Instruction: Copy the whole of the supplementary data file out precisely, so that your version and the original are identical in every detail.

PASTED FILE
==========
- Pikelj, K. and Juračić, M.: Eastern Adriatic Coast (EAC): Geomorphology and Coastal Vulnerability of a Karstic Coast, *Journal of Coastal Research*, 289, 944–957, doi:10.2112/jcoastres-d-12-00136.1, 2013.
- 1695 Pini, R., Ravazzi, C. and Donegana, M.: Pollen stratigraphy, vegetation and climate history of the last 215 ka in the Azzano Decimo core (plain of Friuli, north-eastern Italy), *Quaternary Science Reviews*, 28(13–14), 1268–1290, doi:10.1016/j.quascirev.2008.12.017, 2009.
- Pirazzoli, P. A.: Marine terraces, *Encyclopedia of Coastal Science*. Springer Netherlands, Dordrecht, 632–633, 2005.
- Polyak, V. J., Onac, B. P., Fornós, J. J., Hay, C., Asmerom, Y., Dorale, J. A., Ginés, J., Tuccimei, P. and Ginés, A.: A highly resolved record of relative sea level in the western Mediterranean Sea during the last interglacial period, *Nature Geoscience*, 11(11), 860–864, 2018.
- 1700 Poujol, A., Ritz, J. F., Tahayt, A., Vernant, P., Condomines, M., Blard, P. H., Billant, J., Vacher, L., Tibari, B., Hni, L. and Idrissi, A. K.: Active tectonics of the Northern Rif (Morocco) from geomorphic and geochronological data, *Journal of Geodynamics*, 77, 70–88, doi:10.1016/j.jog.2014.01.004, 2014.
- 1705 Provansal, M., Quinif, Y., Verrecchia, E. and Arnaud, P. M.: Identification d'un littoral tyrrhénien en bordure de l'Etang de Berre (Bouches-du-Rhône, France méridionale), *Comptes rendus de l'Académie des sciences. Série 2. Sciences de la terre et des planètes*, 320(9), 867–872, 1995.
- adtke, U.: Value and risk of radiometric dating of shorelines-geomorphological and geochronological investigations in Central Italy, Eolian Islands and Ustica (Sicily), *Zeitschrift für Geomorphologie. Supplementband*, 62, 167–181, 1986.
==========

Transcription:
- Pikelj, K. and Juračić, M.: Eastern Adriatic Coast (EAC): Geomorphology and Coastal Vulnerability of a Karstic Coast, *Journal of Coastal Research*, 289, 944–957, doi:10.2112/jcoastres-d-12-00136.1, 2013.
- 1695 Pini, R., Ravazzi, C. and Donegana, M.: Pollen stratigraphy, vegetation and climate history of the last 215 ka in the Azzano Decimo core (plain of Friuli, north-eastern Italy), *Quaternary Science Reviews*, 28(13–14), 1268–1290, doi:10.1016/j.quascirev.2008.12.017, 2009.
- Pirazzoli, P. A.: Marine terraces, *Encyclopedia of Coastal Science*. Springer Netherlands, Dordrecht, 632–633, 2005.
- Polyak, V. J., Onac, B. P., Fornós, J. J., Hay, C., Asmerom, Y., Dorale, J. A., Ginés, J., Tuccimei, P. and Ginés, A.: A highly resolved record of relative sea level in the western Mediterranean Sea during the last interglacial period, *Nature Geoscience*, 11(11), 860–864, 2018.
- 1700 Poujol, A., Ritz, J. F., Tahayt, A., Vernant, P., Condomines, M., Blard, P. H., Billant, J., Vacher, L., Tibari, B., Hni, L. and Idrissi, A. K.: Active tectonics of the Northern Rif (Morocco) from geomorphic and geochronological data, *Journal of Geodynamics*, 77, 70–88, doi:10.1016/j.jog.2014.01.004, 2014.
- 1705 Provansal, M., Quinif, Y., Verrecchia, E. and Arnaud, P. M.: Identification d'un littoral tyrrhénien en bordure de l'Etang de Berre (Bouches-du-Rhône, France méridionale), *Comptes rendus de l'Académie des sciences. Série 2. Sciences de la terre et des planètes*, 320(9), 867–872, 1995.
- adtke, U.: Value and risk of radiometric dating of shorelines-geomorphological and geochronological investigations in Central Italy, Eolian Islands and Ustica (Sicily), *Zeitschrift für Geomorphologie. Supplementband*, 62, 167–181, 1986.